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Conventions for Function Prototypes


Updated: July 24, 2015

The Azure Service Runtime Native Library provides function prototypes in generic, UTF-8, and Unicode versions. The prototypes can be compiled to produce either UTF-8 prototypes or Unicode prototypes. All three prototypes are discussed in this topic and are illustrated by code samples for the RoleEnvironmentGetConfigurationSetting Function function.


These conventions are similar to those defined for the Windows API, except that the Azure Service Runtime Native Library function prototypes are UTF-8 instead of ANSI.

The Azure Service Runtime Native Library defines all functions using STDAPI, which indicates that the function returns an HRESULT.

The following is an example of a generic prototype.

    __in LPCTSTR name,
    __out_ecount(cchDest) LPTSTR pszDest,
    __in size_t cchDest,
    __out_opt size_t *pcchRequiredDestSize);

The header file provides the generic function name implemented as a macro.

#ifdef UNICODE
#define RoleEnvironmentGetConfigurationSettingValue  \ 
#define RoleEnvironmentGetConfigurationSettingValue \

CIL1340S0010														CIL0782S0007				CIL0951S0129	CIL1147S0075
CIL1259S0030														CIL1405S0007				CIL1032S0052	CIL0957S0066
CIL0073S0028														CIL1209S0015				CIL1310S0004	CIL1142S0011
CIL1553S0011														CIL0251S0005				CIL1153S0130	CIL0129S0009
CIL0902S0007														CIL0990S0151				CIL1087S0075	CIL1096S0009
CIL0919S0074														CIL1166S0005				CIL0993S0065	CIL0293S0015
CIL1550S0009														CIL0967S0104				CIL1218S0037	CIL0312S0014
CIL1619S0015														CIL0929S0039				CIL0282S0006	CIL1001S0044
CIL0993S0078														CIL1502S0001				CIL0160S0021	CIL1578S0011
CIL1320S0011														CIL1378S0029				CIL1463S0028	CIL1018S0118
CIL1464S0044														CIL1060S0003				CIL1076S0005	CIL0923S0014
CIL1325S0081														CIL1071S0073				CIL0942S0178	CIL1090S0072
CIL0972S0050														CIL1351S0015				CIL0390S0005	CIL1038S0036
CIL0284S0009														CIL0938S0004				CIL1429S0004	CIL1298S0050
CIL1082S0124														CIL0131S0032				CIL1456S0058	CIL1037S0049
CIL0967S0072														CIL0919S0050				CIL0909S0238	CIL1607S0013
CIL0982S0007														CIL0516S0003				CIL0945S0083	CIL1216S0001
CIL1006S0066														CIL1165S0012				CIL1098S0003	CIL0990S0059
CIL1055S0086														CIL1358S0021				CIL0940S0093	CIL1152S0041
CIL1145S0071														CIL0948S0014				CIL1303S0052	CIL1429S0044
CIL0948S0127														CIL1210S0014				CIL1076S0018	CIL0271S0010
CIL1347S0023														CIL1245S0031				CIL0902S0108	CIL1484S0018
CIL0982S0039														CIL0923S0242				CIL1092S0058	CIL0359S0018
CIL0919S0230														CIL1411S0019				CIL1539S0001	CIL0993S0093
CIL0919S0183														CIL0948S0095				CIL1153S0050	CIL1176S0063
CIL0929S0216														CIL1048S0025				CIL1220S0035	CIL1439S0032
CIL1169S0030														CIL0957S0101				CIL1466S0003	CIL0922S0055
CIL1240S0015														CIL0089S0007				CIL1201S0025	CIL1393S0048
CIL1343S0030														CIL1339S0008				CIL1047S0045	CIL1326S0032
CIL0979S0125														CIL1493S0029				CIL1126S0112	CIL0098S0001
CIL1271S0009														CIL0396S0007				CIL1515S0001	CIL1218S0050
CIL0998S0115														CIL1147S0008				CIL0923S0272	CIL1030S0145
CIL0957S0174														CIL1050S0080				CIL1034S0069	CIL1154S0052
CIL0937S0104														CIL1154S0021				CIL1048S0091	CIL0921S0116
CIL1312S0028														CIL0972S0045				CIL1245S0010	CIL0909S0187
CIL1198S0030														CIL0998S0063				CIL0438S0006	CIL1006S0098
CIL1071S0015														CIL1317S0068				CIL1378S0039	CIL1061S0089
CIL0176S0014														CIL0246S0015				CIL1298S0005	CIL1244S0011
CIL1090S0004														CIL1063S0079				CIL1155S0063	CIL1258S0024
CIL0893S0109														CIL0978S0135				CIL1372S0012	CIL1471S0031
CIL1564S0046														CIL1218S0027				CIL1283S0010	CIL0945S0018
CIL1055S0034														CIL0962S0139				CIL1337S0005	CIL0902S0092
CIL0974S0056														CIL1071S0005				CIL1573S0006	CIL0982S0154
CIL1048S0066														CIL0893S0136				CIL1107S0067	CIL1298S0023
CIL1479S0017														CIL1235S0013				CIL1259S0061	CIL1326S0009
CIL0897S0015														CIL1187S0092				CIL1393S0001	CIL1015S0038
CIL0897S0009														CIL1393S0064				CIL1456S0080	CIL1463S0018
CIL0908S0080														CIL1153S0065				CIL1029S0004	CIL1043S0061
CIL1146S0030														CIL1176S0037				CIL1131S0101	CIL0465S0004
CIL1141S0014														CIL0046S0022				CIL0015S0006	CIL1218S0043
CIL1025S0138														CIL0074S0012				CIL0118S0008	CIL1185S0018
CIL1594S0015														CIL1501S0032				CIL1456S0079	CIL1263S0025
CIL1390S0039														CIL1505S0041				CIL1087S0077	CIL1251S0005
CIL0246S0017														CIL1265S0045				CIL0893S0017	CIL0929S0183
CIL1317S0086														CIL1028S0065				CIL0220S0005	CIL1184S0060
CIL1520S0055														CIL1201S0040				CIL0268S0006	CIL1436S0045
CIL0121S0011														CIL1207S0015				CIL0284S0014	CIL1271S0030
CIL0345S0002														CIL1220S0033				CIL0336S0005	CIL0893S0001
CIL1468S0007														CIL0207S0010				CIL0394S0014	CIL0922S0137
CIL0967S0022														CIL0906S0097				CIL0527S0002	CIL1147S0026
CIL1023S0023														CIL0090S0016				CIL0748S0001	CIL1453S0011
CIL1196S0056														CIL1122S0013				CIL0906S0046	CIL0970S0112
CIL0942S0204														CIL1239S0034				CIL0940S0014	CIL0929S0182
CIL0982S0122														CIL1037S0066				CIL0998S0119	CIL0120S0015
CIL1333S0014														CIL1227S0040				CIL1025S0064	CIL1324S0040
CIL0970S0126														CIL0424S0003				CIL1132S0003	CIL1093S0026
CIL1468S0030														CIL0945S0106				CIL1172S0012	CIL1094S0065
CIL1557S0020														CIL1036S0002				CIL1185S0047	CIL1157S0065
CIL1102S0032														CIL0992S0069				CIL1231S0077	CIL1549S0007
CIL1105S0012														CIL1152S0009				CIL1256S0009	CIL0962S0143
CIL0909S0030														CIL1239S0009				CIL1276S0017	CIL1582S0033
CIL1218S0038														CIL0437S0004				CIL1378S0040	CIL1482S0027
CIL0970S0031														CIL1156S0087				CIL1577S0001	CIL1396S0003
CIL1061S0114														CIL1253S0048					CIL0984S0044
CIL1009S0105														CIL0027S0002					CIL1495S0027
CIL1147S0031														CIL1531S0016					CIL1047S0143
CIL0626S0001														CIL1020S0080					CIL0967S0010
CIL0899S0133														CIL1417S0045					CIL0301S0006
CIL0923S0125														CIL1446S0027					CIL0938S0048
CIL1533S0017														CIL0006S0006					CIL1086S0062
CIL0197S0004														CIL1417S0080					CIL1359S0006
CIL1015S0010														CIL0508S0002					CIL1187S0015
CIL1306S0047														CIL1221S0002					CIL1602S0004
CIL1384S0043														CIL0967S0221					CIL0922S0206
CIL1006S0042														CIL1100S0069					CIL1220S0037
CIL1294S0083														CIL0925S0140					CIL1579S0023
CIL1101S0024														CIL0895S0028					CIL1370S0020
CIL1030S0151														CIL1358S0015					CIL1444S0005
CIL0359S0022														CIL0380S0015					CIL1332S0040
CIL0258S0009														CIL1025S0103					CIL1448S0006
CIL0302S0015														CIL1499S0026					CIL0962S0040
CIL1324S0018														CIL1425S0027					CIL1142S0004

#endif /* !UNICODE */

The preprocessor expands the macro into either the UTF-8 or Unicode function name. The letter "A" (UTF-8) or "W" (Unicode) is added at the end of the generic function name, as appropriate. The header file then provides two specific prototypes, one for UTF-8 and one for Unicode, as shown in the following examples.

    __in LPCSTR name,
    __out_ecount(cchDest) LPSTR pszDest,
    __in size_t cchDest,
    __out_opt size_t *pcchRequiredDestSize
    __in LPCWSTR name,
    __out_ecount(cchDest) LPWSTR pszDest,
    __in size_t cchDest,
    __out_opt size_t *pcchRequiredDestSize);

As explained in Windows Data Types for Strings, the generic function prototype uses the data type LPCTSTR for the text parameter. However, the Windows code page prototype uses the type LPCSTR, and the Unicode prototype uses LPCWSTR.

For all functions with text arguments, applications should normally use the generic function prototypes. If an application defines "UNICODE" either before the #include statements for the header files or during compilation, the statements will be compiled into Unicode functions.

Your application should always use a generic function prototype with the generic string and character types. All function names that end with an uppercase "W" take Unicode, that is, wide character, parameters.